Biden’s Student Loan Interest Proposal, Explained
The U.S. Department of Education has released proposed regulations to improve some federal student loan programs—but many people may be confused about how they’ll help.
How you’re affected depends on the loans you have and your repayment plan. Your loans aren’t likely to disappear, but you may find you owe less in the long run.
“I think the proposed student loan regulations by the U.S. Department of Education are a meaningful step in the right direction and will provide help and economic relief for those dealing with student loans,” says Leslie Tayne, a debt relief attorney who owns the Tayne Law Group, P.C., in New York City.
However, the many Americans who hope for extensive reform, such as student loan forgiveness, may be disappointed by these more incremental changes. Here’s what you need to know about the proposed regulations.
Interest Capitalization Would Be Limited
Limiting interest capitalization is expected to help millions of borrowers save on student loan interest.
Interest capitalization happens when unpaid interest is added to the principal amount of your student loan. This makes your principal balance higher, and since interest gets charged on your principal balance, your loan becomes even more expensive.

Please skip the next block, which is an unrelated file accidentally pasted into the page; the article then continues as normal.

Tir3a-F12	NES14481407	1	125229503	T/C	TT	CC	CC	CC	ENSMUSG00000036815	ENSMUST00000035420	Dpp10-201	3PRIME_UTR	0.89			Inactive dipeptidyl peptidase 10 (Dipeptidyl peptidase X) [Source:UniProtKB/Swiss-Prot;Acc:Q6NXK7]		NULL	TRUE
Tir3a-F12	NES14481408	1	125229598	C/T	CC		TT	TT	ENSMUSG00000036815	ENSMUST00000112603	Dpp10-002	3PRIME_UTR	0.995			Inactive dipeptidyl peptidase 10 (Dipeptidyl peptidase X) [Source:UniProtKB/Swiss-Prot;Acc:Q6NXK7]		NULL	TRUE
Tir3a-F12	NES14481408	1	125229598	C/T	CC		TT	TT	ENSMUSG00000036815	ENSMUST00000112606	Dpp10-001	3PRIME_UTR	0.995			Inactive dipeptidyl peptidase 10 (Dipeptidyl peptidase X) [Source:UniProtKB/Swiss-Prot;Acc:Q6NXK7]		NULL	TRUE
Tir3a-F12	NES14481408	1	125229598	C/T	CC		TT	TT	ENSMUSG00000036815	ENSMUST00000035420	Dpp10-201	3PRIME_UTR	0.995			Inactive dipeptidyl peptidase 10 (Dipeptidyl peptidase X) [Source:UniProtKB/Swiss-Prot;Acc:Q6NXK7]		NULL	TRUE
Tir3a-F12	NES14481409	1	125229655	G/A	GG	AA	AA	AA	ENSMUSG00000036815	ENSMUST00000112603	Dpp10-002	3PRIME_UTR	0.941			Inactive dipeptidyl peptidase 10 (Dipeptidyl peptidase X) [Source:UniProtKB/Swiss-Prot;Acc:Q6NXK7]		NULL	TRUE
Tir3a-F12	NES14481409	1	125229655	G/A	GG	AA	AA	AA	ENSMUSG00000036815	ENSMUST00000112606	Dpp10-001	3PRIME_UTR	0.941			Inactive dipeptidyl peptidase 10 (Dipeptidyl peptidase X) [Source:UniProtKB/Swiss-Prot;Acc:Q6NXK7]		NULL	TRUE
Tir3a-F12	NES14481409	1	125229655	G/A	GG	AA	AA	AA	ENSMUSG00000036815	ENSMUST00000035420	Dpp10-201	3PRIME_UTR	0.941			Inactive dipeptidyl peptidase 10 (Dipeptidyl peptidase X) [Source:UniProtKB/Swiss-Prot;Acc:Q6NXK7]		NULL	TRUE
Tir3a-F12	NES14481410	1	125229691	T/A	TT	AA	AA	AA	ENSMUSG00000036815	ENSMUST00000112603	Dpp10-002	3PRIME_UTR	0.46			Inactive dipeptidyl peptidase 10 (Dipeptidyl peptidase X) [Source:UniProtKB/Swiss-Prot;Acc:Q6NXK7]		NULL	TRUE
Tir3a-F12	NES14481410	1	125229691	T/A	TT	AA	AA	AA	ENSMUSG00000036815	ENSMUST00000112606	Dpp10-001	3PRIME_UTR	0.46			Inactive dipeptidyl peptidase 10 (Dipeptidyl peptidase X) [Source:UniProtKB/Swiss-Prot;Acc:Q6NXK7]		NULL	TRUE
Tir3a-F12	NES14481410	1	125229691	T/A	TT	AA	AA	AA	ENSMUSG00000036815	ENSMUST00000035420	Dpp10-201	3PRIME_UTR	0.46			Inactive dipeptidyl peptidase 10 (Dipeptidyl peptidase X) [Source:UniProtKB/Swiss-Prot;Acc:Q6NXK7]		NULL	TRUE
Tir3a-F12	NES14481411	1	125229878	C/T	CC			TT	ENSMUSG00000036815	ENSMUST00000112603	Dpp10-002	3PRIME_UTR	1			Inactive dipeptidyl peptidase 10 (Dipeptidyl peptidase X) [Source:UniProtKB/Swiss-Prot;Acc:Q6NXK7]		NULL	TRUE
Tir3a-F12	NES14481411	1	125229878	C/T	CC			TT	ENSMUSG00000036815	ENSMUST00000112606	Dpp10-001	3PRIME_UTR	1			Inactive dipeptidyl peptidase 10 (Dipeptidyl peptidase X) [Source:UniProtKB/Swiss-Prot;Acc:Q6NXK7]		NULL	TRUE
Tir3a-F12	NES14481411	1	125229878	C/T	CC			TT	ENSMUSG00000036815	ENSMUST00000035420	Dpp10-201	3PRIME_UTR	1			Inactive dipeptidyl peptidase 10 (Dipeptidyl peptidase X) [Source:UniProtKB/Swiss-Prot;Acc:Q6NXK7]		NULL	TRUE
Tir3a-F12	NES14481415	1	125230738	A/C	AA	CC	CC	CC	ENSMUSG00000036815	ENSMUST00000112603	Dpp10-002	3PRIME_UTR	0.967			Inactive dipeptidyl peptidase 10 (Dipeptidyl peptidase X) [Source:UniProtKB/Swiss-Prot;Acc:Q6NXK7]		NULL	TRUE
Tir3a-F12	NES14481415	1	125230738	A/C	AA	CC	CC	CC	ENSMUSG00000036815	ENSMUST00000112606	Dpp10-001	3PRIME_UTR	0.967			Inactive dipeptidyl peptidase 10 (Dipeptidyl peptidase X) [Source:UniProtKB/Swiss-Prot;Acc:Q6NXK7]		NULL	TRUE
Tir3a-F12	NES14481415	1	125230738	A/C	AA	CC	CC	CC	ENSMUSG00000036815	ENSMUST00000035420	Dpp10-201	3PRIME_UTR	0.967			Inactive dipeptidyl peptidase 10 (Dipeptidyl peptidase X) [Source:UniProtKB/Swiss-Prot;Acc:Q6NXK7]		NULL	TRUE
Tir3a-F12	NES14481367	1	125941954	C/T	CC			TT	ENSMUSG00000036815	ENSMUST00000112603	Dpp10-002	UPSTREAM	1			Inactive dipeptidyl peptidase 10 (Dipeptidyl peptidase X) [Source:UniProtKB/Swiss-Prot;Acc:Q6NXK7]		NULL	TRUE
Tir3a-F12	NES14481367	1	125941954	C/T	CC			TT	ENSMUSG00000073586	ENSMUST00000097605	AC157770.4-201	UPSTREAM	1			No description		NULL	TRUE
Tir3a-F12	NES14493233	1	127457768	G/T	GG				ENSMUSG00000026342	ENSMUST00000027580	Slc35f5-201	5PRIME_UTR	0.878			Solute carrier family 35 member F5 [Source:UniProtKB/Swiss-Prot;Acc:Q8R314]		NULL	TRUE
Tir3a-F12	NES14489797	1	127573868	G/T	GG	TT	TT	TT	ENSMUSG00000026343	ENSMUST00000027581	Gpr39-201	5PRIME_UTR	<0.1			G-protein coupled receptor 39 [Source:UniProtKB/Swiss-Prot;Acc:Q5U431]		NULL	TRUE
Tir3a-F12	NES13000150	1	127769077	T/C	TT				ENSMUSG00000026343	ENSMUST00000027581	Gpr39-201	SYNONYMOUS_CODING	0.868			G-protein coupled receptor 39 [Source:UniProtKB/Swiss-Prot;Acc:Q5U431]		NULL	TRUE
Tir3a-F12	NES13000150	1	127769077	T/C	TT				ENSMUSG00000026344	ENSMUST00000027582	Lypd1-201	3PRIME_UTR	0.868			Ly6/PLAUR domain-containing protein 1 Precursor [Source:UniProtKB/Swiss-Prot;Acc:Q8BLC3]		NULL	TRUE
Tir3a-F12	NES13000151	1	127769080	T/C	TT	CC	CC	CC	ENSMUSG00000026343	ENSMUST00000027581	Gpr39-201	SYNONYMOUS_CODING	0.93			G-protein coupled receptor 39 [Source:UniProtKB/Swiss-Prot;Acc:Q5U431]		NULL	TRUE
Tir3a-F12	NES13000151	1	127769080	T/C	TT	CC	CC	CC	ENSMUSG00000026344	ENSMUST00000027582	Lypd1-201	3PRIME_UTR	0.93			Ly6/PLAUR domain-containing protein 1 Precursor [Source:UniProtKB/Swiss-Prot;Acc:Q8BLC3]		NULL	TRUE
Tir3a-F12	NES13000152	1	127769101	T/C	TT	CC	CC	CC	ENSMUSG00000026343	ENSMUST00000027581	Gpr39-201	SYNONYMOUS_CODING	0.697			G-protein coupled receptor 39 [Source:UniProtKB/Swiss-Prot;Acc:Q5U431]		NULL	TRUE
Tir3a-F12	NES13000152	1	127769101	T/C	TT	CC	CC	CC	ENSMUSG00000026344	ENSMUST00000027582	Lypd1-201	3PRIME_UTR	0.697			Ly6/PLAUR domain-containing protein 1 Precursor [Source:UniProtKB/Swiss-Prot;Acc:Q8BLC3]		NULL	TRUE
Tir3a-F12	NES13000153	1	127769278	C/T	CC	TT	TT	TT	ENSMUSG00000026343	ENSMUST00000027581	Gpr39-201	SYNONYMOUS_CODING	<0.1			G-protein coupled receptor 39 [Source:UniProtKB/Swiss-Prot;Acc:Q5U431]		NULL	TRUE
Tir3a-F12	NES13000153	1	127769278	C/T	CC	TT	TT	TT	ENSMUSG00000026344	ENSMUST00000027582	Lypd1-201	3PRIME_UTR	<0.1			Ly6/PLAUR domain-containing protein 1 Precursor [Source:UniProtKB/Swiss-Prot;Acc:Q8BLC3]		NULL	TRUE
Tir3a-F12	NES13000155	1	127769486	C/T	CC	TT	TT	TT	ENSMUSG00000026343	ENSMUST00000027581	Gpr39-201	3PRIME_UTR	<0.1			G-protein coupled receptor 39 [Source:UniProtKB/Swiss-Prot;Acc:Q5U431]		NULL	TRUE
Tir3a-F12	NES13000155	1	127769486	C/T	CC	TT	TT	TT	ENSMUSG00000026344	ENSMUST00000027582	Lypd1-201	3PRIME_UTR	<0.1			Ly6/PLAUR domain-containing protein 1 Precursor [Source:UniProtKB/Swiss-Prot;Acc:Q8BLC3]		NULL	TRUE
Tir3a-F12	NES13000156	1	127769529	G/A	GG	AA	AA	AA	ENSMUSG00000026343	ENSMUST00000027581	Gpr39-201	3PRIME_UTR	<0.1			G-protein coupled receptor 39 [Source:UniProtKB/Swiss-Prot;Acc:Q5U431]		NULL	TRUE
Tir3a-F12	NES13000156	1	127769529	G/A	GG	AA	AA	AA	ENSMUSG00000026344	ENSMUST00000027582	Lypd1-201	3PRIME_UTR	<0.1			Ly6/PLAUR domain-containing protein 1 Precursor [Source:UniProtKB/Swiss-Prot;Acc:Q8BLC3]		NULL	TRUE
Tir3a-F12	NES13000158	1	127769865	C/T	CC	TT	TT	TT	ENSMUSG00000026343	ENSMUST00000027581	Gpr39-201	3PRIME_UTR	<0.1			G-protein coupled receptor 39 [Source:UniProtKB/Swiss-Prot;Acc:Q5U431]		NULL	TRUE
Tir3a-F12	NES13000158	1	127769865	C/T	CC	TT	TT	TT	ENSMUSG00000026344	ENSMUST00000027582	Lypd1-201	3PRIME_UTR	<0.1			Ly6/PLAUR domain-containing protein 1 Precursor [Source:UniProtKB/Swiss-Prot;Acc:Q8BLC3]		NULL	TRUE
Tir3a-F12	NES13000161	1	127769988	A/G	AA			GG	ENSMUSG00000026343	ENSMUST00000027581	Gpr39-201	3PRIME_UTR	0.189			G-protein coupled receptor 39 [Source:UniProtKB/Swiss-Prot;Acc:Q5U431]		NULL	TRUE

The Department of Education’s proposal would eliminate interest capitalization when a borrower enters repayment, exits forbearance, leaves an income-driven repayment plan (IDR), or defaults on a loan.
If you pay your student loan bill each month, you’re up to date on your accruing interest; this includes most borrowers who are in Covid-relief forbearance. If you defer payments, or have an income-driven payment plan, you may see your interest capitalized and the amount added to the principal.
“It’s possible for some borrowers to repay hundreds or even thousands of dollars due to capitalization,“ Tayne says. “It can be devastating for borrowers, since it can extend their loan payoff period or increase their monthly payments.”
Typically, somebody who winds up with accrued interest will see their total balance increase by 1%, says Travis Hornsby, a chartered financial analyst and founder of Student Loan Planner, a service that helps student loan borrowers devise a plan to get out of debt.